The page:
The aim of the project is to investigate whether the use of live lung sections from interleukin-33-reporter mice allows to determine the allergenicity of human and animal pathogenic fungi with zoonotic potential. Interleukin 33 is a cytokine which is involved in the induction of a T-helper cell 2 response and thus can set the course for an allergy very early in the immune response. This early interleukin 33 response to allergens is possible without prior stimulus, so that it is postulated that naive animals can be used to test their response to allergens. In these reporter mice, the gene for interleukin 33 is replaced by citrine, so that an expression of interleukin 33 can be detected by fluorescence microscopic methods by measuring the citrine signal. By transferring from the animal to the cell culture using intact organ pieces, in this case the lung, it is possible to test not only one stimulus with the help of an animal, but also several stimuli (PCLS, prescision cut lung slices) by using cuts (several cuts can be obtained from one lung). It is thus possible to test an individual's response to different stimuli in parallel and also reduce the number of animals required.
The fungus whose allergenic potential is being investigated is Cryptococcus neoformans, an encapsulated unicellular fungus that occurs ubiquitously in the environment and is spread via bird excrements, among other things. It is suspected to cause allergies in people with an intact immune system. Cryptococci are one of the few fungal groups with zoonotic potential. Infections of various domestic animal species, especially dogs and cats, have been described. These fungi pose a particular threat to immunocompromised patients. However, this aspect is not part of the pilot project. In addition to different cryptococcal strains, the allergenic components are to be identified subsequently, i.e. whether potentially allergenic components are more likely to occur in the capsule, the cell wall or in the cytoplasm. In further studies with the living lung sections, the allergenicity of fungal proteins that were associated with T-helper cell 2 responses in preliminary experiments in mouse models will be investigated. The project will be accompanied by investigations of the interaction between pneumocytes and immune cells using molecular biological and flow cytometric methods. At the end of the project a workshop is planned to introduce members of the zoonoses platform to the PCLS method.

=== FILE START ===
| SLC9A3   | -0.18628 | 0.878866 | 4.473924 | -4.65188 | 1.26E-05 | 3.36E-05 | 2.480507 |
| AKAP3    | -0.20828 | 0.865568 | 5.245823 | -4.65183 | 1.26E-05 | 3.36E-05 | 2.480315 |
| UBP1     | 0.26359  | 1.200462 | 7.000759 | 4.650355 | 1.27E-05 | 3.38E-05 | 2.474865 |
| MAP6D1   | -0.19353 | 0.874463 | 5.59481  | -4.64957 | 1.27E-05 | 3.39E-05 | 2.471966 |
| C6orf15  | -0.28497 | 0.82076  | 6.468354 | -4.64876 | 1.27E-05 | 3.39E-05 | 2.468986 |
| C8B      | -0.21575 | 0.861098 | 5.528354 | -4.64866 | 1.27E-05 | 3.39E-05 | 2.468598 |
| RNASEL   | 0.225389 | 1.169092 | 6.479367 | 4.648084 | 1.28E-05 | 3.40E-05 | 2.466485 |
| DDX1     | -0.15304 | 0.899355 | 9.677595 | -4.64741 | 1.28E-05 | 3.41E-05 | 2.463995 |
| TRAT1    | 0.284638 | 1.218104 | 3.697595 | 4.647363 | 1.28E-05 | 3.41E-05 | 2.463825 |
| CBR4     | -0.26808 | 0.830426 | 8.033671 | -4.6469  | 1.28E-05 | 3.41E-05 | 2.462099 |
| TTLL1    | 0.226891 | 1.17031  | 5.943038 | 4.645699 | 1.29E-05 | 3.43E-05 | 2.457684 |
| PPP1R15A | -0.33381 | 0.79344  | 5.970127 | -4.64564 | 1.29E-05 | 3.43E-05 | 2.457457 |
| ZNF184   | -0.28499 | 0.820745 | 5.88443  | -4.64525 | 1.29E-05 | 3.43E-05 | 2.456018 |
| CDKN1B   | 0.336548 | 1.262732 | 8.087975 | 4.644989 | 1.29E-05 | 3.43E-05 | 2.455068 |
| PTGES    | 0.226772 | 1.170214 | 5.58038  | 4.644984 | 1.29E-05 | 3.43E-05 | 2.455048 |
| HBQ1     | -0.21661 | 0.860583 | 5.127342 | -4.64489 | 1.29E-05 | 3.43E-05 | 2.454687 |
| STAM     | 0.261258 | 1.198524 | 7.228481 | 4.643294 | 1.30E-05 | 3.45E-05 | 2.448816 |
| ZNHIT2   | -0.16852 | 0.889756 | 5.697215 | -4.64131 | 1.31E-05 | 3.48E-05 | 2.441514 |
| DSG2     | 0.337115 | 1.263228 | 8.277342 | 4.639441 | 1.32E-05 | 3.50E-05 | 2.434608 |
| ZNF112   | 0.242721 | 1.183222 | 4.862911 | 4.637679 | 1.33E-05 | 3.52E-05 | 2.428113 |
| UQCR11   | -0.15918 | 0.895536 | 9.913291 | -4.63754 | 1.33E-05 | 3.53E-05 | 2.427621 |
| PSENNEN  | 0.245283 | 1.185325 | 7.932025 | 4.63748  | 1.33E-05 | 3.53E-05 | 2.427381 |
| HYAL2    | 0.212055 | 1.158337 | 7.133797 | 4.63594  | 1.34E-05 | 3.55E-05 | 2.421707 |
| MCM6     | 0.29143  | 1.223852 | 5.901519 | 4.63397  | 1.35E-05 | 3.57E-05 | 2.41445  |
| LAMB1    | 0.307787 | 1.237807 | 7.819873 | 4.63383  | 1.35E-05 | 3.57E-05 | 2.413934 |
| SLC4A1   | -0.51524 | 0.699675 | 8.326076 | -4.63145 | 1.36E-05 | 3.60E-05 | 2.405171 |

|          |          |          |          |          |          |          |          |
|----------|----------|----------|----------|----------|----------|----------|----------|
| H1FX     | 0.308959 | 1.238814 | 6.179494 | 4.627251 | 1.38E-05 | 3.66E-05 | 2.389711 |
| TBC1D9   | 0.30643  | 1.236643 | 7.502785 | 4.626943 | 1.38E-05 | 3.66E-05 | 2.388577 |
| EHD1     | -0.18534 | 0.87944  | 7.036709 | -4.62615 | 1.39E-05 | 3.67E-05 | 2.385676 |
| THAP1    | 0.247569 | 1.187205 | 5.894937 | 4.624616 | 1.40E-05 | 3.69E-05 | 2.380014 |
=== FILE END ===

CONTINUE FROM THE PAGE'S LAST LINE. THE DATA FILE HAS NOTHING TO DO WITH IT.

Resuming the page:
01. September 2019 - 31. August 2020
PD Dr. Uwe Müller
Institut für Immunologie
Deutscher Platz 5
Tel +49 341-97 31 224
Fax +49 341-97 31 229